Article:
A self-described shy and quiet woman, who came out of her shell in a fight for justice for her husband killed in the Pike River mine almost nine years ago is now using her inner strength to battle cancer, as her "unfinished" Pike River fight continues.
Anna Osborne talked to TVNZ1's Breakfast host John Campbell today as family members of those who died prepare to enter 170 metres of the mine - the furthest anyone has gone since the explosions took the lives of 29 men on November 19, 2010.
But there's another reason why today is a big day for Ms Osborne.
On Breakfast today she opened up about her joint battle, not only for justice for the men who died in the disaster, but also her health fight with Hodgkin's lymphoma - a type of lymphoma in which cancer originates from a specific type of white blood cells called lymphocytes.
Ms Osborne will travel to Christchurch this afternoon and undergo major treatment Saturday for the illness.
"I've had it for quite some time, it's got to the stage now though where it's starting to act aggressively and it's spread to other parts of my body," she said.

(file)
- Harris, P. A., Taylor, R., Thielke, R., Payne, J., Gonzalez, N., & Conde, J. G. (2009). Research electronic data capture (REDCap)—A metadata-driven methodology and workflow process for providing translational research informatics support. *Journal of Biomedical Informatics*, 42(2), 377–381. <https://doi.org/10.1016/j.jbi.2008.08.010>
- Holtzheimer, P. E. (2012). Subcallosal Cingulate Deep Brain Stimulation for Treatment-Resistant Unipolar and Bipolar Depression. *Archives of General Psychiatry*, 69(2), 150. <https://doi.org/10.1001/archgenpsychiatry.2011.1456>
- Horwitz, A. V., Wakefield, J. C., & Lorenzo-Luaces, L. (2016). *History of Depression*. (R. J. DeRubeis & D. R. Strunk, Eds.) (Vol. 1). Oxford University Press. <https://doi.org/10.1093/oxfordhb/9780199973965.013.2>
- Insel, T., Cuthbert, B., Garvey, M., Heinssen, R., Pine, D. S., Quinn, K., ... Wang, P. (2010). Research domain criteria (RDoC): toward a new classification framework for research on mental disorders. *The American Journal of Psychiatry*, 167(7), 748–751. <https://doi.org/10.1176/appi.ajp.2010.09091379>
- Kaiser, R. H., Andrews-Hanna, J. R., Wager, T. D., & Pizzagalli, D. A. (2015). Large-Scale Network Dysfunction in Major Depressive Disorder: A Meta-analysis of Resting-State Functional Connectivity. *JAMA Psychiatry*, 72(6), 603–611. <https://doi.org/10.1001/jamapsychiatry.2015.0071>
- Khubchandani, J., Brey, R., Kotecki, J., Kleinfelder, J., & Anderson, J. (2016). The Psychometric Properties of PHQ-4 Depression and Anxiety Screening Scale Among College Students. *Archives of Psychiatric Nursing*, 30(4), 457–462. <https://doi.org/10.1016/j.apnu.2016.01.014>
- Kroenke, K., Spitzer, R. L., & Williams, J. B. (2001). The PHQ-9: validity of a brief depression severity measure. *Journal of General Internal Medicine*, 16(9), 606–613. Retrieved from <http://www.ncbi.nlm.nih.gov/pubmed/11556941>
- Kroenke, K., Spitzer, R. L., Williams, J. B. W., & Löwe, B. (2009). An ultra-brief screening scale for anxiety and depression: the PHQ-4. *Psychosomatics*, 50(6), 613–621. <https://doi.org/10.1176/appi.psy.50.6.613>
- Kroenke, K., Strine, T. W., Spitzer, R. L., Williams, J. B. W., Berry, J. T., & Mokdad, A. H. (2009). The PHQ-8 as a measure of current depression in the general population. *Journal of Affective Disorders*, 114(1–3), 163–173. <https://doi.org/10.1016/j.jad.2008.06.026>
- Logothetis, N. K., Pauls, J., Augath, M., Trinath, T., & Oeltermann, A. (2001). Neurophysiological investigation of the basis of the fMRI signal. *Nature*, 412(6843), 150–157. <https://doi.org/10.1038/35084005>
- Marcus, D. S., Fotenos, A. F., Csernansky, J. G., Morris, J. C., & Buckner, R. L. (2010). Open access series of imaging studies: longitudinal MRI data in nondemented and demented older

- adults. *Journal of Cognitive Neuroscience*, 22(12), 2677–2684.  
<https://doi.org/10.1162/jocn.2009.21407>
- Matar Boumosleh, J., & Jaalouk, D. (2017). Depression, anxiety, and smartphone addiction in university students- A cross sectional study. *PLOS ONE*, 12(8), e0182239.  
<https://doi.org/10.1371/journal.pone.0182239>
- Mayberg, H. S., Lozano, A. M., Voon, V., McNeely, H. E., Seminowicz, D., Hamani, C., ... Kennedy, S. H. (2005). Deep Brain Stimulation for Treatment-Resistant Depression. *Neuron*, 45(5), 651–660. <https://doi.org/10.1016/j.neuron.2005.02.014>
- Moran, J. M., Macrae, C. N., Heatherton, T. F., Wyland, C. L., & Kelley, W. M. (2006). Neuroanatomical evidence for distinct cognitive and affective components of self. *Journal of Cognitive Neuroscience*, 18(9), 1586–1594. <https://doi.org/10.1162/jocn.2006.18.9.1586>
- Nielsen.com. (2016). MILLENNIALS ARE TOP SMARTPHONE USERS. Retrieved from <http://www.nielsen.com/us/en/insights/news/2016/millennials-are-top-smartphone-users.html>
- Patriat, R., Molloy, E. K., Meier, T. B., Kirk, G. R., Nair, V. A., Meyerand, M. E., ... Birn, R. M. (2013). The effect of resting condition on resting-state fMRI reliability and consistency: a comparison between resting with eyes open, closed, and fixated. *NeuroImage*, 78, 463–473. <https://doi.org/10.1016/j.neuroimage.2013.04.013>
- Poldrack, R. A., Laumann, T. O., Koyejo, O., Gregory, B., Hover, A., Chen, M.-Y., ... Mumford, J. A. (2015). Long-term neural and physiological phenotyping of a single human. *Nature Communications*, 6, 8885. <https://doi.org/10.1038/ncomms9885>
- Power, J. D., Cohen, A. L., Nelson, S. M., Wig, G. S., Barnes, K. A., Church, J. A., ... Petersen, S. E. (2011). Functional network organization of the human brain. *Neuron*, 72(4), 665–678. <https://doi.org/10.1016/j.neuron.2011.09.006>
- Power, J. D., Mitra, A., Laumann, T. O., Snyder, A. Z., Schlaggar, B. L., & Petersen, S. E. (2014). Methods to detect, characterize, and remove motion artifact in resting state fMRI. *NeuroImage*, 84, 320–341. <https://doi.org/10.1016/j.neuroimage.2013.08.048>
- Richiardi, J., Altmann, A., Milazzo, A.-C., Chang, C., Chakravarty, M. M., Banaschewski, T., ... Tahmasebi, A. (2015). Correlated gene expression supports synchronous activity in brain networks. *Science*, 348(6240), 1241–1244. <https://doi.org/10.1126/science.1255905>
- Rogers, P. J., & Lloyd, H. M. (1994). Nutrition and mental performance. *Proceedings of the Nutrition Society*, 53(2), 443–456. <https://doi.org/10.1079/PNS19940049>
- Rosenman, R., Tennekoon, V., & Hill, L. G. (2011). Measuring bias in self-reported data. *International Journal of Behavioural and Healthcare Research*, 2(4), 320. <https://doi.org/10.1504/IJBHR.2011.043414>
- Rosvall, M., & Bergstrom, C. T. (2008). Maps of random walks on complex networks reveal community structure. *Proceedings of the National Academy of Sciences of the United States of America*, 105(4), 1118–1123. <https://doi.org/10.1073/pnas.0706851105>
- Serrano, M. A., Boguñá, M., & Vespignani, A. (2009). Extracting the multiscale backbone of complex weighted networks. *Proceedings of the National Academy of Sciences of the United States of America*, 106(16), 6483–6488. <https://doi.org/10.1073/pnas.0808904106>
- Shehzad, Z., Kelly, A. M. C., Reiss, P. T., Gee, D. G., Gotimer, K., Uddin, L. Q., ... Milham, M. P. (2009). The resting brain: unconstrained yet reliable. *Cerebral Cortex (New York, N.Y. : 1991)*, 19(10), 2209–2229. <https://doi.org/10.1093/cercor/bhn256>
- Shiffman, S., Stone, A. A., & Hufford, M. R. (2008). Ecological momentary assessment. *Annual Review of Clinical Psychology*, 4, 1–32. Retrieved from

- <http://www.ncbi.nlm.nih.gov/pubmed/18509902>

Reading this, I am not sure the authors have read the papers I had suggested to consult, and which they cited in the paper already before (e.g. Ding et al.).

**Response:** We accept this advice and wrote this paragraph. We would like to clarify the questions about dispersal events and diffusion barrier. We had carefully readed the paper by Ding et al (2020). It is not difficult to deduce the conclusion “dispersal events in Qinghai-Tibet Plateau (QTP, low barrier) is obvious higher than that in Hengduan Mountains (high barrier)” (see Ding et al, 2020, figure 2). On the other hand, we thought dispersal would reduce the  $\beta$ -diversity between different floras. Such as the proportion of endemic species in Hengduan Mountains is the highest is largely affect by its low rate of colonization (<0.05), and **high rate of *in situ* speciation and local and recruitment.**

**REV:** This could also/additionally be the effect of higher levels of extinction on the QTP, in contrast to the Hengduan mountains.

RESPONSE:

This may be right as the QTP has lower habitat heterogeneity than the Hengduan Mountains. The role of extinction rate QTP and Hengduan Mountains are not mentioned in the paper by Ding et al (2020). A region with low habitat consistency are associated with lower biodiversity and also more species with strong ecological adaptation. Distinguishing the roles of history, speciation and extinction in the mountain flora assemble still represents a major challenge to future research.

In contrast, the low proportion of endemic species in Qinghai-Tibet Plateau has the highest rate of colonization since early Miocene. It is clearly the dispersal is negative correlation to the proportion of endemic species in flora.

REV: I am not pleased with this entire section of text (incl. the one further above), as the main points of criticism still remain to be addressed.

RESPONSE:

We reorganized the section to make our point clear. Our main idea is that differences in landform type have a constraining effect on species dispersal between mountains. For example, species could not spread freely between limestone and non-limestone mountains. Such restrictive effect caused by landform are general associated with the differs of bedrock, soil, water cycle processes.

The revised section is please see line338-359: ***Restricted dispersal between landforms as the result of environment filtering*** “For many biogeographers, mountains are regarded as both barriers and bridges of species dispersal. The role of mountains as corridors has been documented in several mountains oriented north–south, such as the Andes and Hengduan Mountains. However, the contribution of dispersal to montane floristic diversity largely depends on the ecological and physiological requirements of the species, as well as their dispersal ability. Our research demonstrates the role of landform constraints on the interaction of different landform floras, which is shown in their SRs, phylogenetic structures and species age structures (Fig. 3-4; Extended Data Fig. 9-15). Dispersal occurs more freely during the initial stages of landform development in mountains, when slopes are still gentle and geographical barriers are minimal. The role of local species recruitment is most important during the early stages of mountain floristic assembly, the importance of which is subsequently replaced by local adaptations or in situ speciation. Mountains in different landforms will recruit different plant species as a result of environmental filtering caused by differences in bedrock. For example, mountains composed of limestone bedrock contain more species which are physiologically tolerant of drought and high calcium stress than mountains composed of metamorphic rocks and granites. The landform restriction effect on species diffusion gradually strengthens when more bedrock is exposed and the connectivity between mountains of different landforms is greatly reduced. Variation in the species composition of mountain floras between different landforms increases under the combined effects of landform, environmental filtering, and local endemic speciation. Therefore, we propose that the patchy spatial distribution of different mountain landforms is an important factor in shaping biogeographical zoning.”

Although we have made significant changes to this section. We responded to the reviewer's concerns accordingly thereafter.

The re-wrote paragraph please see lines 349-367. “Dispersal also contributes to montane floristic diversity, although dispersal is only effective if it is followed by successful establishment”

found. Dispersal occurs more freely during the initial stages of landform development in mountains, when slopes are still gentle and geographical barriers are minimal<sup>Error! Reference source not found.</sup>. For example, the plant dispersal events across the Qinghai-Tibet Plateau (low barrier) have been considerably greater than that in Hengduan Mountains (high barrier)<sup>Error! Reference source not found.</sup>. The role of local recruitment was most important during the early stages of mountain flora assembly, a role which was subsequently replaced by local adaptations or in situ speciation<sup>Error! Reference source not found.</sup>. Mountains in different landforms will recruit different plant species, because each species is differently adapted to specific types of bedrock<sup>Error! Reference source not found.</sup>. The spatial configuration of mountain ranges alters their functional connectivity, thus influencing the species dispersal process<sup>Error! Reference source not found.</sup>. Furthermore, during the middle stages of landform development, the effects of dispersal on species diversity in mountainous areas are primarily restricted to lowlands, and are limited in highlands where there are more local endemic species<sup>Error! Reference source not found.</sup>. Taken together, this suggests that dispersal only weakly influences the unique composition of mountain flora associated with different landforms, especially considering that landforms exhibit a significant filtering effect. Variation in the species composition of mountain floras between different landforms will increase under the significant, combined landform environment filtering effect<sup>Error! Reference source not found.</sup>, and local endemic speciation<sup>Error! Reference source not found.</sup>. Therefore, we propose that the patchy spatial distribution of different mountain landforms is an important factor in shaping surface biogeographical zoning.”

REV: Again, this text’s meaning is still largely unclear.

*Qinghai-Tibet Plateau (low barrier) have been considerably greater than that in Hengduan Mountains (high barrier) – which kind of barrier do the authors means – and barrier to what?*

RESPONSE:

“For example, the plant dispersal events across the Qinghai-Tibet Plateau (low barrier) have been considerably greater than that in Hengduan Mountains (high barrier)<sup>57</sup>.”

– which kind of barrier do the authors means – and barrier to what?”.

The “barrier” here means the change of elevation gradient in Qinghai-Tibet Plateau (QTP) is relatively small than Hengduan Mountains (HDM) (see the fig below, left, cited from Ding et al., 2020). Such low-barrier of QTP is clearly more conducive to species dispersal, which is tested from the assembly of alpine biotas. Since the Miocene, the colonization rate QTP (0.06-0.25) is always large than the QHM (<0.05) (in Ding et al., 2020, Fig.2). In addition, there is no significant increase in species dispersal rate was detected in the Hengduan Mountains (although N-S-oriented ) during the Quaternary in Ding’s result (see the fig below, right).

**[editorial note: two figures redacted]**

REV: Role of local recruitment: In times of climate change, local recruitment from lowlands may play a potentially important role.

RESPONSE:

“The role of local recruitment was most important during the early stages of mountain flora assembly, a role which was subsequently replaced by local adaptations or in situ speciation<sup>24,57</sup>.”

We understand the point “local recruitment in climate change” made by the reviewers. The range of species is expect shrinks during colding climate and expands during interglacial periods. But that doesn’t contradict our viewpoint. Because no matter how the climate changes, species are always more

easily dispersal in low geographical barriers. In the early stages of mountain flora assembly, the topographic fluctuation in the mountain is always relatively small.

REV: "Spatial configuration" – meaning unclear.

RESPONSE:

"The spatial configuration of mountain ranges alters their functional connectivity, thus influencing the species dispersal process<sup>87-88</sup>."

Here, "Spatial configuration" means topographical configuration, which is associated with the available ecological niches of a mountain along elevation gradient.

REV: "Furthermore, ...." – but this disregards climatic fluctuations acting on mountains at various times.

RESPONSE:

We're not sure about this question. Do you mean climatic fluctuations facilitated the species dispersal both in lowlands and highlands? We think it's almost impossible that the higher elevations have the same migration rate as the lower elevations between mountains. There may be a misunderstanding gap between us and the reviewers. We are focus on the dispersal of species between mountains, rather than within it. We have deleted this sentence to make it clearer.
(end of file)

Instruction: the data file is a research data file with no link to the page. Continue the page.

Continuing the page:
"So for me to actually have any chance of living another four or five years I've actually got to go through with this treatment or else they've given me months to a year to live.
"I've really got to kick this in the ass, John, because I've got so much living to do and I've got so much unfinished business with Pike [River] that yeah, I've just got to beat this."
Ms Osborne said before the Pike River explosions though she was always a quiet and shy person.
"But you lose someone that you love totally unnecessarily and there's been no justice and accountability - I just couldn't sit back and just say "oh well". You know, you've got to actually get in there and try and fight for truth and justice because those men deserve so much better than what they got.
"Nine years on, we're still waiting to bring about justice for them, so you've got this inner strength that just comes out when needed."
Ms Osborne said today was a big milestone for the families making their way in the tunnel to 170 metres.
In the aftermath of "many, many dark days", she said it was an exciting one today.
"It's a huge day for the majority of the families that are going to make the trip up there today."
But it was not without nerves and anxiety, she added. It's expected to be cold, and wet as they travel down the tunnel on a drift runner - but each family will be accompanied by a mining expert as a guide.
"What we wanted to do was just fight as hard as we could to actually get some results and out fighting paid off. We've actually managed to get the [Pike River Recovery] Agency up and running and the drift reentered so it's huge."